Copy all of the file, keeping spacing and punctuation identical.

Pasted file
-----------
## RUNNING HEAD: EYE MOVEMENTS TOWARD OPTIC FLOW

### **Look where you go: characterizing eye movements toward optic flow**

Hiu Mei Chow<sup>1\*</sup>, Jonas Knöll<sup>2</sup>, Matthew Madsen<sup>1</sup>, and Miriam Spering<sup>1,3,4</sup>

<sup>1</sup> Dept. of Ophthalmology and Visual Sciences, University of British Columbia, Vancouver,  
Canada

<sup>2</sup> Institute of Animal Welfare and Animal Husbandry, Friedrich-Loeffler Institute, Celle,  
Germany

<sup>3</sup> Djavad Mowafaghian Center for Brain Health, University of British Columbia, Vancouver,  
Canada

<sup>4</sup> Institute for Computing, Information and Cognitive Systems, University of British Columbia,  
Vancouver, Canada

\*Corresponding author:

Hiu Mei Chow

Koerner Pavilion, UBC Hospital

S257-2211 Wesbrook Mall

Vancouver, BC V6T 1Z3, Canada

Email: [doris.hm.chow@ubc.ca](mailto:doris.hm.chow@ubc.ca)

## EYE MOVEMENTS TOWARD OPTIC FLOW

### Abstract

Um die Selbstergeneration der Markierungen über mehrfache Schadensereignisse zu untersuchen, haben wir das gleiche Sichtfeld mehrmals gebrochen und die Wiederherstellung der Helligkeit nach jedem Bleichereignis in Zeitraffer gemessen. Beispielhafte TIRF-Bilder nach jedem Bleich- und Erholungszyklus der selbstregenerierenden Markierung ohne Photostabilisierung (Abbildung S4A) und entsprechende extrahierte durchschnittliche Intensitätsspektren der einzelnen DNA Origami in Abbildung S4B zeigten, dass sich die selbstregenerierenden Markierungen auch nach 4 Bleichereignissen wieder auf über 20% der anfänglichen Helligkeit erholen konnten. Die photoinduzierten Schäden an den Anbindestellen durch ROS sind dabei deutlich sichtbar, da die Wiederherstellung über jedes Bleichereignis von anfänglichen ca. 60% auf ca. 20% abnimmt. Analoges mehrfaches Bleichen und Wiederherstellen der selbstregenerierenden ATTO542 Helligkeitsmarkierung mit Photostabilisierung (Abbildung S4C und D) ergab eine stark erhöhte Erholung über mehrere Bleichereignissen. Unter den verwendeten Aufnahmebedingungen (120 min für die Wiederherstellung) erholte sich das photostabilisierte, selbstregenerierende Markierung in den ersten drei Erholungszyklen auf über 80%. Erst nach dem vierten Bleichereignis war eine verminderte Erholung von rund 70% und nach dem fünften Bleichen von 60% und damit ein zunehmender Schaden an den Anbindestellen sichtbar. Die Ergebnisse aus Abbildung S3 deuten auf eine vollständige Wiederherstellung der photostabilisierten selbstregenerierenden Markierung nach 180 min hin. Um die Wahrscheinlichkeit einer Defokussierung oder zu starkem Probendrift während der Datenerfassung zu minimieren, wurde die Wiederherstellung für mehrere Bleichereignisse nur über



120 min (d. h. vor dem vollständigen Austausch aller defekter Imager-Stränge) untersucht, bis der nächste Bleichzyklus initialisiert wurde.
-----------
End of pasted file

## RUNNING HEAD: EYE MOVEMENTS TOWARD OPTIC FLOW

### **Look where you go: characterizing eye movements toward optic flow**

Hiu Mei Chow<sup>1\*</sup>, Jonas Knöll<sup>2</sup>, Matthew Madsen<sup>1</sup>, and Miriam Spering<sup>1,3,4</sup>

<sup>1</sup> Dept. of Ophthalmology and Visual Sciences, University of British Columbia, Vancouver,  
Canada

<sup>2</sup> Institute of Animal Welfare and Animal Husbandry, Friedrich-Loeffler Institute, Celle,  
Germany

<sup>3</sup> Djavad Mowafaghian Center for Brain Health, University of British Columbia, Vancouver,  
Canada

<sup>4</sup> Institute for Computing, Information and Cognitive Systems, University of British Columbia,  
Vancouver, Canada

\*Corresponding author:

Hiu Mei Chow

Koerner Pavilion, UBC Hospital

S257-2211 Wesbrook Mall

Vancouver, BC V6T 1Z3, Canada

Email: [doris.hm.chow@ubc.ca](mailto:doris.hm.chow@ubc.ca)

## EYE MOVEMENTS TOWARD OPTIC FLOW

### Abstract

Um die Selbstergeneration der Markierungen über mehrfache Schadensereignisse zu untersuchen, haben wir das gleiche Sichtfeld mehrmals gebrochen und die Wiederherstellung der Helligkeit nach jedem Bleichereignis in Zeitraffer gemessen. Beispielhafte TIRF-Bilder nach jedem Bleich- und Erholungszyklus der selbstregenerierenden Markierung ohne Photostabilisierung (Abbildung S4A) und entsprechende extrahierte durchschnittliche Intensitätsspektren der einzelnen DNA Origami in Abbildung S4B zeigten, dass sich die selbstregenerierenden Markierungen auch nach 4 Bleichereignissen wieder auf über 20% der anfänglichen Helligkeit erholen konnten. Die photoinduzierten Schäden an den Anbindestellen durch ROS sind dabei deutlich sichtbar, da die Wiederherstellung über jedes Bleichereignis von anfänglichen ca. 60% auf ca. 20% abnimmt. Analoges mehrfaches Bleichen und Wiederherstellen der selbstregenerierenden ATTO542 Helligkeitsmarkierung mit Photostabilisierung (Abbildung S4C und D) ergab eine stark erhöhte Erholung über mehrere Bleichereignissen. Unter den verwendeten Aufnahmebedingungen (120 min für die Wiederherstellung) erholte sich das photostabilisierte, selbstregenerierende Markierung in den ersten drei Erholungszyklen auf über 80%. Erst nach dem vierten Bleichereignis war eine verminderte Erholung von rund 70% und nach dem fünften Bleichen von 60% und damit ein zunehmender Schaden an den Anbindestellen sichtbar. Die Ergebnisse aus Abbildung S3 deuten auf eine vollständige Wiederherstellung der photostabilisierten selbstregenerierenden Markierung nach 180 min hin. Um die Wahrscheinlichkeit einer Defokussierung oder zu starkem Probendrift während der Datenerfassung zu minimieren, wurde die Wiederherstellung für mehrere Bleichereignisse nur über



120 min (d. h. vor dem vollständigen Austausch aller defekter Imager-Stränge) untersucht, bis der nächste Bleichzyklus initialisiert wurde.